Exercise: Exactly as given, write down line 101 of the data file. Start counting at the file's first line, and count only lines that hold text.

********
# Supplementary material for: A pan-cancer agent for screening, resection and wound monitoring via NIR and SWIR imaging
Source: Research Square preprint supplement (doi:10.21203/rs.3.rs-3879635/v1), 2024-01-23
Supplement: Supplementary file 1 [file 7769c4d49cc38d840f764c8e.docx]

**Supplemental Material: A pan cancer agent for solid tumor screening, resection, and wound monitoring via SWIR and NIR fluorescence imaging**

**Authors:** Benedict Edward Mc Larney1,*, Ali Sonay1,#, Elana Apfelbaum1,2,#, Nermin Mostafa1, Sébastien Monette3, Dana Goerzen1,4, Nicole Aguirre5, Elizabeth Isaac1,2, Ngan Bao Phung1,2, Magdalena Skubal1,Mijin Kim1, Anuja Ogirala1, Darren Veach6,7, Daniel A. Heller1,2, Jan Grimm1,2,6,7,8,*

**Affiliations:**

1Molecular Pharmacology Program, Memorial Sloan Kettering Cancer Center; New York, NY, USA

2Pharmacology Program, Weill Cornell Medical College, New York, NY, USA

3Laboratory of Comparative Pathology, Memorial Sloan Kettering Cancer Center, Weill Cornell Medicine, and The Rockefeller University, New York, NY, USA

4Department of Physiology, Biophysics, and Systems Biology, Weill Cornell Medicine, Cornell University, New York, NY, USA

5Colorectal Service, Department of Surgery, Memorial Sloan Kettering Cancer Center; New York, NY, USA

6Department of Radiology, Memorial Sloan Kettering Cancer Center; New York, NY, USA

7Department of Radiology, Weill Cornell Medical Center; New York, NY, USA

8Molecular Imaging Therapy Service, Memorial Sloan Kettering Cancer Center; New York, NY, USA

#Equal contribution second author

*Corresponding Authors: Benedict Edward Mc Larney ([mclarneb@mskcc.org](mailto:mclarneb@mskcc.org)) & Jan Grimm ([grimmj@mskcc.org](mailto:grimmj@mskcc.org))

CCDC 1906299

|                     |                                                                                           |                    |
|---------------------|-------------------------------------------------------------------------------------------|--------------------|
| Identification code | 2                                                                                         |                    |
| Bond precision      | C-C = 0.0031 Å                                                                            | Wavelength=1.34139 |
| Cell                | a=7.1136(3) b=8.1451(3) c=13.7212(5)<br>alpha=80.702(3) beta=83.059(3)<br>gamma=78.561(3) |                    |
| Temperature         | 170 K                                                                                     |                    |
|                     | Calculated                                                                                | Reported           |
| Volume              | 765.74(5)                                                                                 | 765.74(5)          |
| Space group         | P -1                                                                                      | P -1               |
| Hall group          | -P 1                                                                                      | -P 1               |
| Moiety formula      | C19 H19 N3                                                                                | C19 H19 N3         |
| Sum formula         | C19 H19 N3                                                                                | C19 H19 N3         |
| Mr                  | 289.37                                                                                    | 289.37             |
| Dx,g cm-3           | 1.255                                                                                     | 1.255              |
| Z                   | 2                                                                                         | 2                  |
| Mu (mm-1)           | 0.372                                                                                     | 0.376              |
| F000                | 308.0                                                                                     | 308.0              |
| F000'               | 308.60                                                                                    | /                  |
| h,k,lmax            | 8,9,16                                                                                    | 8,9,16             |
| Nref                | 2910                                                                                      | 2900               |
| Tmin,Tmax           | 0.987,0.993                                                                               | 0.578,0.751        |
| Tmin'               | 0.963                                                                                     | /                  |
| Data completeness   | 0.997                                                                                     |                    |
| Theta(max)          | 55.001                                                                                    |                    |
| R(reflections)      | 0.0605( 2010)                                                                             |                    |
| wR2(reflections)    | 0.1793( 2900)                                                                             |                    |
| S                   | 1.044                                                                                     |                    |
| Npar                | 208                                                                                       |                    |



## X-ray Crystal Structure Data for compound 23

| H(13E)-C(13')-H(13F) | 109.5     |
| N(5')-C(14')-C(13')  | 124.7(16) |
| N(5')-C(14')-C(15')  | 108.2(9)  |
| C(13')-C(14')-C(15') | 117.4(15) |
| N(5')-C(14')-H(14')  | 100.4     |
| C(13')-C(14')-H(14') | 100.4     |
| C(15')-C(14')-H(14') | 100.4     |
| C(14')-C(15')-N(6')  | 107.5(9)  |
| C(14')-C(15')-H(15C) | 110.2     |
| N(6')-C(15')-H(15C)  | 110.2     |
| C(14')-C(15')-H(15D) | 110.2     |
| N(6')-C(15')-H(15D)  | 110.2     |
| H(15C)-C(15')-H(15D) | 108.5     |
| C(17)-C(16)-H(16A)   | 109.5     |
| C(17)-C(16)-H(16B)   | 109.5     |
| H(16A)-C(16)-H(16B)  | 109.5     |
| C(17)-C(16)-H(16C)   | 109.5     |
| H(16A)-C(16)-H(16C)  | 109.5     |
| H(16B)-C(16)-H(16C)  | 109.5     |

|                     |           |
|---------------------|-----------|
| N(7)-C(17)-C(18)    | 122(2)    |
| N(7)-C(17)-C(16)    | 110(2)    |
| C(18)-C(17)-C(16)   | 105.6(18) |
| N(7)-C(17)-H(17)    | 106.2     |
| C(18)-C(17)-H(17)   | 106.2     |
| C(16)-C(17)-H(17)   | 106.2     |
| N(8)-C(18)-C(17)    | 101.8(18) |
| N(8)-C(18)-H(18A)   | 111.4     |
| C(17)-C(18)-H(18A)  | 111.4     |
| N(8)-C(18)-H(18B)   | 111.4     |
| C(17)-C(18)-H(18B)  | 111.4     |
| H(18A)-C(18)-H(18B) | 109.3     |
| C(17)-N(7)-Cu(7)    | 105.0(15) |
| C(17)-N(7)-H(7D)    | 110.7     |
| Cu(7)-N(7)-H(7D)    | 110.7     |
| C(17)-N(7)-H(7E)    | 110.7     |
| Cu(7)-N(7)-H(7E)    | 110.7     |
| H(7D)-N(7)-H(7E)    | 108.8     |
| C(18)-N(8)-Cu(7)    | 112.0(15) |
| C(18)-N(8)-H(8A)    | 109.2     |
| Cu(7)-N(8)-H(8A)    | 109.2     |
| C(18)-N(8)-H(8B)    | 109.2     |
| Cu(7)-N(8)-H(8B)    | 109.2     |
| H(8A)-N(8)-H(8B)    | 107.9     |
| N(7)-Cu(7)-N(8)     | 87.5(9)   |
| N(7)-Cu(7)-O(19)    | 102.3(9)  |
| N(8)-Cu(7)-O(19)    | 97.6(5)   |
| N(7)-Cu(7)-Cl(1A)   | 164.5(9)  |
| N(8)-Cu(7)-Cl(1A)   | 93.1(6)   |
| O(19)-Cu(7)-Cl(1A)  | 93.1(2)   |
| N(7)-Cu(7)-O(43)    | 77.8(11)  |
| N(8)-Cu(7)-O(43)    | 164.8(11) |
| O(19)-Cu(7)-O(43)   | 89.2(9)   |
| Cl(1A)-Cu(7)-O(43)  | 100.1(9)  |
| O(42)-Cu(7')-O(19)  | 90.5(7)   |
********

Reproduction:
| Cl(1A)-Cu(7)-O(43)  | 100.1(9)  |